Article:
Will the data being looked at by the government on Omicron make it likely that they choose post-Christmas restrictions? Sources I speak to suggest that they will.
It’s not because they think there’s no chance that Omicron results in milder disease - as suggested in today’s Politico Playbook email - that is something that early studies point to for many people.
But the question around restrictions is based on one thing alone and it’s not general illness or, as one minister put it frankly, the death rate.
It’s all about hospitalisations and pressure on the NHS.
In the UK, Department for Health sources tell me that because London is the “epicentre” of our Omicron pandemic it is where they are focused. The problem is the lag in the data - those in hospital today fell ill two weeks ago or more.
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That’s why Chris Whitty and Sir Patrick Vallance told MPs yesterday that it could be some time before we have a full picture. But scientists say waiting for a full picture will mean it’s too late to act - so what is the initial data suggesting?
So in London hospitalisation data is a little bit of good news because hospitalisations aren’t rising at the same pace as cases, which could indicate milder disease but also that the boosters are working.
Data from South Africa this week also suggests people are less likely to be hospitalised by Omicron.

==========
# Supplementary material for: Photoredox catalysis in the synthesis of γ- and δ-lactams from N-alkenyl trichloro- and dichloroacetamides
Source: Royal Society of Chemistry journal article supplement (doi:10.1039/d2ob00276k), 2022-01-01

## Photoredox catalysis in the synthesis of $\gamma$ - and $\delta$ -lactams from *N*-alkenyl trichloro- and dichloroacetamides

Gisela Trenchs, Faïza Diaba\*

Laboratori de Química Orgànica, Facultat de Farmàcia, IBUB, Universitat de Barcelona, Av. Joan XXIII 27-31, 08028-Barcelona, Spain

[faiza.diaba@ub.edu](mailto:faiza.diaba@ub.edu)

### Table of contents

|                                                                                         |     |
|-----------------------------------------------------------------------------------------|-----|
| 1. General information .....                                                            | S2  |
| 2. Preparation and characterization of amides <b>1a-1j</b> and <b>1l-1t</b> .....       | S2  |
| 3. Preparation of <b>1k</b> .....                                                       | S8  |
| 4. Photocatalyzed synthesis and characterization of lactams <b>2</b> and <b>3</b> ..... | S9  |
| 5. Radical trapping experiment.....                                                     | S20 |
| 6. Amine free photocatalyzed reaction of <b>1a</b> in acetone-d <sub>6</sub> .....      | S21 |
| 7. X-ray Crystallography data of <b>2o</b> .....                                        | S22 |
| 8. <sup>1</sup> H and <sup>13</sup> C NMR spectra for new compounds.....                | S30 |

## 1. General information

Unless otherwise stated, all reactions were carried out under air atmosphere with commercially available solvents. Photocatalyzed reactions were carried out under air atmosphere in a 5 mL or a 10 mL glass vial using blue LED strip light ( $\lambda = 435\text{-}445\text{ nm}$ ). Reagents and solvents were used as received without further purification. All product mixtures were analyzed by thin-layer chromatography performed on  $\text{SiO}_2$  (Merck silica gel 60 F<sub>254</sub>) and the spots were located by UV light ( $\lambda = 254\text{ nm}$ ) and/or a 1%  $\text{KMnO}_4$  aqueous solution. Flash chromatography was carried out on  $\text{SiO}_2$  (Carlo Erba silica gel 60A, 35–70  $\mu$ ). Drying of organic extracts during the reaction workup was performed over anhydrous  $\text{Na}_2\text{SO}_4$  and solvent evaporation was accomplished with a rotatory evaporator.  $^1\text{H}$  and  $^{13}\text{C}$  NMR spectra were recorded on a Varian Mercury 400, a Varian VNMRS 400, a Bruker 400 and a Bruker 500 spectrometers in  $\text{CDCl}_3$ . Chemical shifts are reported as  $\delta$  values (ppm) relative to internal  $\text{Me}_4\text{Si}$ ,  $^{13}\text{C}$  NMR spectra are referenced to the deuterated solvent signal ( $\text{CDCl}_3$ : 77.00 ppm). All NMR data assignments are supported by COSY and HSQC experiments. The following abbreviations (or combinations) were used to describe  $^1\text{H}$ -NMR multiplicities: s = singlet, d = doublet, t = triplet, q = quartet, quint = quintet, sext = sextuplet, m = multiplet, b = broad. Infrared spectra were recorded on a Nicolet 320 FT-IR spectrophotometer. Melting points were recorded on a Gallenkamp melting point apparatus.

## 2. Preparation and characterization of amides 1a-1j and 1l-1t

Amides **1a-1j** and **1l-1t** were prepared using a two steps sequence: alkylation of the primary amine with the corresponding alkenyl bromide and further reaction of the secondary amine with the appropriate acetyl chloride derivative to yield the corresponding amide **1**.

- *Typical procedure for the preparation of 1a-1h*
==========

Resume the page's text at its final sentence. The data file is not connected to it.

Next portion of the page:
However, because Omicron is spreading so fast it is still resulting in worrying numbers in London hospitals - even now, before those falling ill this week and last will be admitted.
And once in hospital there are some suggestions that people can be just as ill as those with Delta. So the next question, which is hard to answer at this stage, is how long people stay in hospital on average - as that will affect NHS capacity.
All in all, the government is facing a nightmare decision. As one member of the SAGE committee said to me, act too soon and you really hurt the economy with all the fallout from that, but if you wait too long then it is much harder to contain.
Peter Openshaw, who is on the NERVTAG committee that feeds into SAGE, told me that it’s very hard to bring down Omicron from a high level, but quite easy to stop it rising.
'I think it is quite likely that we will need additional restrictions', says Peter Openshaw
And that is why, overall, Cabinet ministers I speak to expect that while it isn’t certain it is highly likely that a decision will be taken for more action after Christmas, however reluctant most ministers are to go there.